Disposition of Remains

In the state of California, unless you are military personnel, the exclusive right to dispose of your remains is given to your acting agent designated in your Advance Health Care Directive (AHCD). If your agent refuses or fails to act on that right, and there are no named successors, priority is given in the following order: to your surviving spouse, surviving child(ren), surviving parent(s), and then your adult sibling(s).

However, as long as your final wishes are not in conflict with appropriate health and safety codes, the person who is in control of your remains must follow your written instructions when it comes to disposition of your body and funeral arrangements.

If the individual in control of your remains is charged with your murder or voluntary manslaughter, they will lose the right to make decisions regarding your remains.

Organ Donation

You may make specific, directed anatomical gifts in your AHCD or the Donate Life California Registry process at the Department of Motor Vehicles (DMV). Your health care agent may also make these gifts post-death on your behalf if you have granted them such authority.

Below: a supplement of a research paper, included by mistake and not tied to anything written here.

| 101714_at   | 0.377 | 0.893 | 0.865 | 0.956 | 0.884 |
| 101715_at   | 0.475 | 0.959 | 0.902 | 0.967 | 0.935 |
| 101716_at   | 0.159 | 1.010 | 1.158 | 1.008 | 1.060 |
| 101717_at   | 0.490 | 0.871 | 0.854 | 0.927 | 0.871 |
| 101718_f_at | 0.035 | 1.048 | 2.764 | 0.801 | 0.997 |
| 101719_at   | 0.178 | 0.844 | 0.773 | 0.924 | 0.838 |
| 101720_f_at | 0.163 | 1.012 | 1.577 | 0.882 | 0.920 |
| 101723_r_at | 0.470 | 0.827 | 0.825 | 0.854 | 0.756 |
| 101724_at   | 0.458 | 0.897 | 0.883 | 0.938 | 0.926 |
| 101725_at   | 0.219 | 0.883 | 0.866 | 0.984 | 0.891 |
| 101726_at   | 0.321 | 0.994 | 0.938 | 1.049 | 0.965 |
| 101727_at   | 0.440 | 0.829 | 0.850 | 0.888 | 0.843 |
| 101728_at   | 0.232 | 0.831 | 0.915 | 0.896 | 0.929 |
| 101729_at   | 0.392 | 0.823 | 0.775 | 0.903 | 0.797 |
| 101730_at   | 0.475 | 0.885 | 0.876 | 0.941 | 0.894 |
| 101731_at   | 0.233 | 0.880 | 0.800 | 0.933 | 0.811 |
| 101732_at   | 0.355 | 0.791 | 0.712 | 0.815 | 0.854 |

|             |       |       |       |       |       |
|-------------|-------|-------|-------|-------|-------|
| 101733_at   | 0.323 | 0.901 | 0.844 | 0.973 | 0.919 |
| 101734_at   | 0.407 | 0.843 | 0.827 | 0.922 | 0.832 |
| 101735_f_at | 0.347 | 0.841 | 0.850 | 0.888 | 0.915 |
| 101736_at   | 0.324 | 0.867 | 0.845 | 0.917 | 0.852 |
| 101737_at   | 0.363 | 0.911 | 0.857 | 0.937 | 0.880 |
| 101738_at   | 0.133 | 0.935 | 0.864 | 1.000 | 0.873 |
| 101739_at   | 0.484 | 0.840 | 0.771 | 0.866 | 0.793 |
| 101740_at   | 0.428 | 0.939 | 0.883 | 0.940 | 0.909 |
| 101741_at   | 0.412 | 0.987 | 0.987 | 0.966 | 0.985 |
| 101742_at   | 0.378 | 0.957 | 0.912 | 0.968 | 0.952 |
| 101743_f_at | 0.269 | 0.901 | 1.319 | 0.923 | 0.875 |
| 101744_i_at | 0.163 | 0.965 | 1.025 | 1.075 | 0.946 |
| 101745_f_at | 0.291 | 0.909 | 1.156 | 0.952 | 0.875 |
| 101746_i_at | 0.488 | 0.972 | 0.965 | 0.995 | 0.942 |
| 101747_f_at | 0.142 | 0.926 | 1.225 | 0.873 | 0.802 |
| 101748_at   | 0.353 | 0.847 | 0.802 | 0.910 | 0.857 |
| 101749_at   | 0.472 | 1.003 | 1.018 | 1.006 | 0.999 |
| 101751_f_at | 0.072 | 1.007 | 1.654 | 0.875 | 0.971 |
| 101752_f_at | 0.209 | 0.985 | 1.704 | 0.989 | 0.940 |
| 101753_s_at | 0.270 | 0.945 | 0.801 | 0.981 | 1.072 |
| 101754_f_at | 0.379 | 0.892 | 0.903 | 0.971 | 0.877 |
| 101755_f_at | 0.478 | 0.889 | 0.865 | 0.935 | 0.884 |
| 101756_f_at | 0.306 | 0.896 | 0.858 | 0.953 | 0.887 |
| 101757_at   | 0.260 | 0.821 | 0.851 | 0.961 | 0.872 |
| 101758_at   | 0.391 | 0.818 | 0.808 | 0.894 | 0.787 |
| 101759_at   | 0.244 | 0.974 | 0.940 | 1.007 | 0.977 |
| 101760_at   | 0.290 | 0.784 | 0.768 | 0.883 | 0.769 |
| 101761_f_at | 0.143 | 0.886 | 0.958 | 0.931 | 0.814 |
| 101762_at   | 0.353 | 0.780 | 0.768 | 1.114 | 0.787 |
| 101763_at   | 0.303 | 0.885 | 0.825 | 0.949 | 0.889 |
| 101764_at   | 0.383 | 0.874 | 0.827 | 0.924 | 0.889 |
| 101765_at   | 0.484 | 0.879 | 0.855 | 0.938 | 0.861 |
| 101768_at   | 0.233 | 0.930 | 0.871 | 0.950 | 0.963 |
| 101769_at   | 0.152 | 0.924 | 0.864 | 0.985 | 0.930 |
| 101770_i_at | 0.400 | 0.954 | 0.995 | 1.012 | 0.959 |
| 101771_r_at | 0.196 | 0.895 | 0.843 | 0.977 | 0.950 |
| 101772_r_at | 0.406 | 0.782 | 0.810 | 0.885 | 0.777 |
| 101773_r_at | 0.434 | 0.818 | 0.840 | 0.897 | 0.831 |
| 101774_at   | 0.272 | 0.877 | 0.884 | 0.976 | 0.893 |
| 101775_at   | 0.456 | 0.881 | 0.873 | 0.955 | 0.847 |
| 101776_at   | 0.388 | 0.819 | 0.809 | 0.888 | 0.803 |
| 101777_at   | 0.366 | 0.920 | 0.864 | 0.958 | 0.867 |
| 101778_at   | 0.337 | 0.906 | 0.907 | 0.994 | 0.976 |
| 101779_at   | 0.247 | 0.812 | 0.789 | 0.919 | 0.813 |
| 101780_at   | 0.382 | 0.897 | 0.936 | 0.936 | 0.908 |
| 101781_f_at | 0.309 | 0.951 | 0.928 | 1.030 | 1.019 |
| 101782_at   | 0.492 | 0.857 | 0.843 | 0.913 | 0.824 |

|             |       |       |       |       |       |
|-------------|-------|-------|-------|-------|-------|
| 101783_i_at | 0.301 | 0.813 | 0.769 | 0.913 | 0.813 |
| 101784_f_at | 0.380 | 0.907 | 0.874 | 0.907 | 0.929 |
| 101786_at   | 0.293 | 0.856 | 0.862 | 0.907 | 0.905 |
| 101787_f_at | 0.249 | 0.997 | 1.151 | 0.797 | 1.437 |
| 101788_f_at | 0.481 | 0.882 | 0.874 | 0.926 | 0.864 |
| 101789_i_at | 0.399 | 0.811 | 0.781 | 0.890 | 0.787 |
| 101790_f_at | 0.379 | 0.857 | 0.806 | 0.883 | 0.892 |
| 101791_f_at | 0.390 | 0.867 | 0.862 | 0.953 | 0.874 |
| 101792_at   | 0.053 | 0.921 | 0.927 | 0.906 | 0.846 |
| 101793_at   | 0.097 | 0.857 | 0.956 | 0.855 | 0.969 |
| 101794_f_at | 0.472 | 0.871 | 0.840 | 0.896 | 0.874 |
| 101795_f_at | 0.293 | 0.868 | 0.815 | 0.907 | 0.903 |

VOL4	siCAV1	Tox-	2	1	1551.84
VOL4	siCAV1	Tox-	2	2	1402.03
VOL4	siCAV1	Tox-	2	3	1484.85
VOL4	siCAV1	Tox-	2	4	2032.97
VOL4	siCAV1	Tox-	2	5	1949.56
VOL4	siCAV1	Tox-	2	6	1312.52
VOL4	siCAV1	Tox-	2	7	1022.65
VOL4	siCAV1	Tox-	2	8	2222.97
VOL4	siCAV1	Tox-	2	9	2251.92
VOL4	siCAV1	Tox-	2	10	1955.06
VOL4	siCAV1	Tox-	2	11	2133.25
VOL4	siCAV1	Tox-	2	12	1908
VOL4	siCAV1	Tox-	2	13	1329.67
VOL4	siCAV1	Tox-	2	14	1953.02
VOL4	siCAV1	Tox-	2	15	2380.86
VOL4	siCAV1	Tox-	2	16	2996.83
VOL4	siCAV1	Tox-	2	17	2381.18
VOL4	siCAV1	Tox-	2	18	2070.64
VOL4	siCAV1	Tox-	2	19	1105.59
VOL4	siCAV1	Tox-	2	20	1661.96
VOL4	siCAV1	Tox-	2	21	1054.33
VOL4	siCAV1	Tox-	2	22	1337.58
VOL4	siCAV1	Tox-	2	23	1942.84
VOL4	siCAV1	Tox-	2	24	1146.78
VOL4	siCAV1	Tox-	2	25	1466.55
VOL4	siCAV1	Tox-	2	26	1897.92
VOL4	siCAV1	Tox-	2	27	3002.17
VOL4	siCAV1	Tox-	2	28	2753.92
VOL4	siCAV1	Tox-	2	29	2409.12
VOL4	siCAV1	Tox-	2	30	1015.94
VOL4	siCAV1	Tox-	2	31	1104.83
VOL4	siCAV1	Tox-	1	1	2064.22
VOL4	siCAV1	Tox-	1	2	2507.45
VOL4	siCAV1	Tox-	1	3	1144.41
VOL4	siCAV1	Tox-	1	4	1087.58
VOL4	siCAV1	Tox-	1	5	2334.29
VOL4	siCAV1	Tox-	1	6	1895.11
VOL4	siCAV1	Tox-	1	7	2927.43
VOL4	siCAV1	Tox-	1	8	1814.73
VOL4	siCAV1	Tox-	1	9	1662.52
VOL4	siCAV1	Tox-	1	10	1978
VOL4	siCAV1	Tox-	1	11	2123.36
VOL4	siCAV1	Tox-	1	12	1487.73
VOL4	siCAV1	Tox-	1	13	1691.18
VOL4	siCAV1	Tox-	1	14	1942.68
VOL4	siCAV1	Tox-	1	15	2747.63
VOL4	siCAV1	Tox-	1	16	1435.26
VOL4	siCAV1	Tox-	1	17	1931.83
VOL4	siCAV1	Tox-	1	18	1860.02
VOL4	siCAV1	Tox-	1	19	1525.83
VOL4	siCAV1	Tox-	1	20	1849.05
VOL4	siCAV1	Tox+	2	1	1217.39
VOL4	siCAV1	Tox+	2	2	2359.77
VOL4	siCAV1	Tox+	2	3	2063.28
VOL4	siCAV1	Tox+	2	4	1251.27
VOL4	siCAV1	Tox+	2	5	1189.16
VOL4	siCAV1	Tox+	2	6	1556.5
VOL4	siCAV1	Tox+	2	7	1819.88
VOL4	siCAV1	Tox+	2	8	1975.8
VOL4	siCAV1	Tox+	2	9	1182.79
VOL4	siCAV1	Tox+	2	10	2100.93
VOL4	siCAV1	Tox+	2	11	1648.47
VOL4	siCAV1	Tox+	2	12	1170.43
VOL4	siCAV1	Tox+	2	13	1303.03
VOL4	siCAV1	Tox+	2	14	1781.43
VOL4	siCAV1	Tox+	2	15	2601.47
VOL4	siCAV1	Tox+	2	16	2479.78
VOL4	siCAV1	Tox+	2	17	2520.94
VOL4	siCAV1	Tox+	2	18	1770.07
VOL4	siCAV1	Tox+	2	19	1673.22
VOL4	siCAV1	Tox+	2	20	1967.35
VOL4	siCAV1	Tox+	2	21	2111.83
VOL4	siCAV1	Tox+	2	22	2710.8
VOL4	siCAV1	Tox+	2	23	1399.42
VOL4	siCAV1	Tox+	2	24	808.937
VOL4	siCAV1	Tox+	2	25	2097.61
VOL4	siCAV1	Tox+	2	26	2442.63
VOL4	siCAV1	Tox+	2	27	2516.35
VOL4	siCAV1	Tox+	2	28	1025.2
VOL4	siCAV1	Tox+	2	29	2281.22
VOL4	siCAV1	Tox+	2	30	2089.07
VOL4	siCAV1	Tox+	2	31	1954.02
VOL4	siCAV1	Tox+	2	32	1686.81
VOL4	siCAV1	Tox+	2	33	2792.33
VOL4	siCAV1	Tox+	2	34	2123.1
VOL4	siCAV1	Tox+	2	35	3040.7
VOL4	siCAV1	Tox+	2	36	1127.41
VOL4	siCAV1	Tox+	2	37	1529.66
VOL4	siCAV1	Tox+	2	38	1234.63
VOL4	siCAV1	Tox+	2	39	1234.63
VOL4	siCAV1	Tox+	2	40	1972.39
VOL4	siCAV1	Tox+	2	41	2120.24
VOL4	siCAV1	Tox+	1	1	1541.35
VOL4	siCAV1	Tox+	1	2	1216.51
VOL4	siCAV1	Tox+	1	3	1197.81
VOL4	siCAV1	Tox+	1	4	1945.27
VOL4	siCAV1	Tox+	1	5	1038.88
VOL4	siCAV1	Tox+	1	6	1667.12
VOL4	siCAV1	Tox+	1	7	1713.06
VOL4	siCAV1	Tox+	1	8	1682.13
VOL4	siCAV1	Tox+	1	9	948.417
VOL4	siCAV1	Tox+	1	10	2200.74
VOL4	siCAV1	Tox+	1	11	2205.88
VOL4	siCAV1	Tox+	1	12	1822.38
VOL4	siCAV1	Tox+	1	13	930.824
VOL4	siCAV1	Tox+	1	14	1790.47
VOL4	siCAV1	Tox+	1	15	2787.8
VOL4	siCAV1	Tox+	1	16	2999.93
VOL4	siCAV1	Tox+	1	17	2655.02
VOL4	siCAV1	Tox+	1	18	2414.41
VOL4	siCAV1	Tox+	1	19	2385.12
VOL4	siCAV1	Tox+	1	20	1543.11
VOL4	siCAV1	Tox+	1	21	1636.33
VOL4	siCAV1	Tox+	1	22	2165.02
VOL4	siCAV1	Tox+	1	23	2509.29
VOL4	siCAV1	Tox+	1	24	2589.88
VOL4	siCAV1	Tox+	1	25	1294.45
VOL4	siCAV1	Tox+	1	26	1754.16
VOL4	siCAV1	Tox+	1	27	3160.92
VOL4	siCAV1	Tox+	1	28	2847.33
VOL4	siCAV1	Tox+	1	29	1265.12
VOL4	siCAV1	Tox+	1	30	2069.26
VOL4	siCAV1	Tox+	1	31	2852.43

However, as set forth in the U.S. Revised Uniform Anatomical Gift Act, DMV designations for organ donor status override your written wishes in an AHCD, regardless of the date of execution. This is important to note because AHCDs are carefully drafted in legal terms, likely reflected on by you and your loved ones, while your DMV designation is never more than a quick thought you have while in line to renew your license. If you are considering retaining an attorney to create your estate plan, it may be beneficial to think about what you indicated at your last DMV appointment and if it still aligns with your last wishes.

Over thirteen million Californians are registered as organ donors, with over ninety percent of those through the DMV. You may also register via Donate Life using Apple’s Medical ID feature. If you’re registered as a donor—or even if you’re not—you may want to read the LA Times’ new article in their series on organ harvesting protocols as for-profit tissue processors and distributors are on the rise.


The information on this website is for general information purposes only. Nothing on this site should be taken as legal advice for any individual case or situation. This information is not intended to create, and receipt or viewing does not constitute, an attorney-client relationship. Brittany Britton is licensed to practice law in the state of California only.